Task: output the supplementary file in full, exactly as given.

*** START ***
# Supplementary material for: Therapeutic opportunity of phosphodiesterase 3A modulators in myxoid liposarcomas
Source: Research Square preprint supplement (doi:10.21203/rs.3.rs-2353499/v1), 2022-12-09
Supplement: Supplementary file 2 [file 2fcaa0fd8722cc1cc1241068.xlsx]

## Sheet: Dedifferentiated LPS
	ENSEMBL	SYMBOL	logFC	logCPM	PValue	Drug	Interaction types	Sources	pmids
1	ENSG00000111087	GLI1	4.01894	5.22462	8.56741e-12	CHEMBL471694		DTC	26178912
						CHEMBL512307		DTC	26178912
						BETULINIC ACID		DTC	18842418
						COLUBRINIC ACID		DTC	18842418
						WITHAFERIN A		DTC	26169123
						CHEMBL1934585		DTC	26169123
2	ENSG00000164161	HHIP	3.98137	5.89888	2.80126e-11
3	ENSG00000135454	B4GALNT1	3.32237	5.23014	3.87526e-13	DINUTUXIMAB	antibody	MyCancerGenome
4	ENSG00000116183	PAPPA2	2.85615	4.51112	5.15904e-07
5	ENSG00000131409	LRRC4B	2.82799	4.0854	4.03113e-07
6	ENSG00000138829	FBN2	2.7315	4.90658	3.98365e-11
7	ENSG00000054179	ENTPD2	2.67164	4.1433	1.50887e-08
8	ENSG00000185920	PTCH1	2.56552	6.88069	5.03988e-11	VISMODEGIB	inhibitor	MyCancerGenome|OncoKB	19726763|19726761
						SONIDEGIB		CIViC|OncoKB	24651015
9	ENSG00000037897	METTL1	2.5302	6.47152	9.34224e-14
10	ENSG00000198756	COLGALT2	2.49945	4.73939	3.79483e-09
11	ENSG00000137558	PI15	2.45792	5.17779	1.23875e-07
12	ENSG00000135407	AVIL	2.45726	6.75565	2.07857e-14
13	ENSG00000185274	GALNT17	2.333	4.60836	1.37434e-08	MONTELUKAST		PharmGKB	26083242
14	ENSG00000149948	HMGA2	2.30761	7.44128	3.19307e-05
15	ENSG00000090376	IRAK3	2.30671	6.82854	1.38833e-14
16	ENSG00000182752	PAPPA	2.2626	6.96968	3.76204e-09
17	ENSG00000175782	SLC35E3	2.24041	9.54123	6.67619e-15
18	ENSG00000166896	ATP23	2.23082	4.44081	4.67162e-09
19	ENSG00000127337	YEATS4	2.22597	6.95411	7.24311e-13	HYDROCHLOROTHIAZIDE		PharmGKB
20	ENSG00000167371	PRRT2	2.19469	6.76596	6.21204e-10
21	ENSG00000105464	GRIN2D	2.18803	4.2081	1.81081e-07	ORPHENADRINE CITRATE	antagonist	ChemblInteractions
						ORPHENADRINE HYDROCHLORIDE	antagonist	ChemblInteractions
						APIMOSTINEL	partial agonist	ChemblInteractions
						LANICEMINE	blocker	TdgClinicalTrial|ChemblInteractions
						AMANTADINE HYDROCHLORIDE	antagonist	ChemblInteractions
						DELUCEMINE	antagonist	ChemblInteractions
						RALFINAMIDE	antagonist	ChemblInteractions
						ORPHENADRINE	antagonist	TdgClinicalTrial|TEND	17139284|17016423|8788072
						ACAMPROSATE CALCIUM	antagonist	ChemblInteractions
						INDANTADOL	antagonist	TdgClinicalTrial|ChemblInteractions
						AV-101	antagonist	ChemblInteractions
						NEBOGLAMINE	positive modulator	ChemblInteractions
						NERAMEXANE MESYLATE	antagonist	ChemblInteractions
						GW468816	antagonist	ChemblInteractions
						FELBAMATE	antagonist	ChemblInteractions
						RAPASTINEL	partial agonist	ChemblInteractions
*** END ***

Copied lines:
# Supplementary material for: Therapeutic opportunity of phosphodiesterase 3A modulators in myxoid liposarcomas
Source: Research Square preprint supplement (doi:10.21203/rs.3.rs-2353499/v1), 2022-12-09
Supplement: Supplementary file 2 [file 2fcaa0fd8722cc1cc1241068.xlsx]

## Sheet: Dedifferentiated LPS
	ENSEMBL	SYMBOL	logFC	logCPM	PValue	Drug	Interaction types	Sources	pmids
1	ENSG00000111087	GLI1	4.01894	5.22462	8.56741e-12	CHEMBL471694		DTC	26178912
						CHEMBL512307		DTC	26178912
						BETULINIC ACID		DTC	18842418
						COLUBRINIC ACID		DTC	18842418
						WITHAFERIN A		DTC	26169123
						CHEMBL1934585		DTC	26169123
2	ENSG00000164161	HHIP	3.98137	5.89888	2.80126e-11
3	ENSG00000135454	B4GALNT1	3.32237	5.23014	3.87526e-13	DINUTUXIMAB	antibody	MyCancerGenome
4	ENSG00000116183	PAPPA2	2.85615	4.51112	5.15904e-07
5	ENSG00000131409	LRRC4B	2.82799	4.0854	4.03113e-07
6	ENSG00000138829	FBN2	2.7315	4.90658	3.98365e-11
7	ENSG00000054179	ENTPD2	2.67164	4.1433	1.50887e-08
8	ENSG00000185920	PTCH1	2.56552	6.88069	5.03988e-11	VISMODEGIB	inhibitor	MyCancerGenome|OncoKB	19726763|19726761
						SONIDEGIB		CIViC|OncoKB	24651015
9	ENSG00000037897	METTL1	2.5302	6.47152	9.34224e-14
10	ENSG00000198756	COLGALT2	2.49945	4.73939	3.79483e-09
11	ENSG00000137558	PI15	2.45792	5.17779	1.23875e-07
12	ENSG00000135407	AVIL	2.45726	6.75565	2.07857e-14
13	ENSG00000185274	GALNT17	2.333	4.60836	1.37434e-08	MONTELUKAST		PharmGKB	26083242
14	ENSG00000149948	HMGA2	2.30761	7.44128	3.19307e-05
15	ENSG00000090376	IRAK3	2.30671	6.82854	1.38833e-14
16	ENSG00000182752	PAPPA	2.2626	6.96968	3.76204e-09
17	ENSG00000175782	SLC35E3	2.24041	9.54123	6.67619e-15
18	ENSG00000166896	ATP23	2.23082	4.44081	4.67162e-09
19	ENSG00000127337	YEATS4	2.22597	6.95411	7.24311e-13	HYDROCHLOROTHIAZIDE		PharmGKB
20	ENSG00000167371	PRRT2	2.19469	6.76596	6.21204e-10
21	ENSG00000105464	GRIN2D	2.18803	4.2081	1.81081e-07	ORPHENADRINE CITRATE	antagonist	ChemblInteractions
						ORPHENADRINE HYDROCHLORIDE	antagonist	ChemblInteractions
						APIMOSTINEL	partial agonist	ChemblInteractions
						LANICEMINE	blocker	TdgClinicalTrial|ChemblInteractions
						AMANTADINE HYDROCHLORIDE	antagonist	ChemblInteractions
						DELUCEMINE	antagonist	ChemblInteractions
						RALFINAMIDE	antagonist	ChemblInteractions
						ORPHENADRINE	antagonist	TdgClinicalTrial|TEND	17139284|17016423|8788072
						ACAMPROSATE CALCIUM	antagonist	ChemblInteractions
						INDANTADOL	antagonist	TdgClinicalTrial|ChemblInteractions
						AV-101	antagonist	ChemblInteractions
						NEBOGLAMINE	positive modulator	ChemblInteractions
						NERAMEXANE MESYLATE	antagonist	ChemblInteractions
						GW468816	antagonist	ChemblInteractions
						FELBAMATE	antagonist	ChemblInteractions
						RAPASTINEL	partial agonist	ChemblInteractions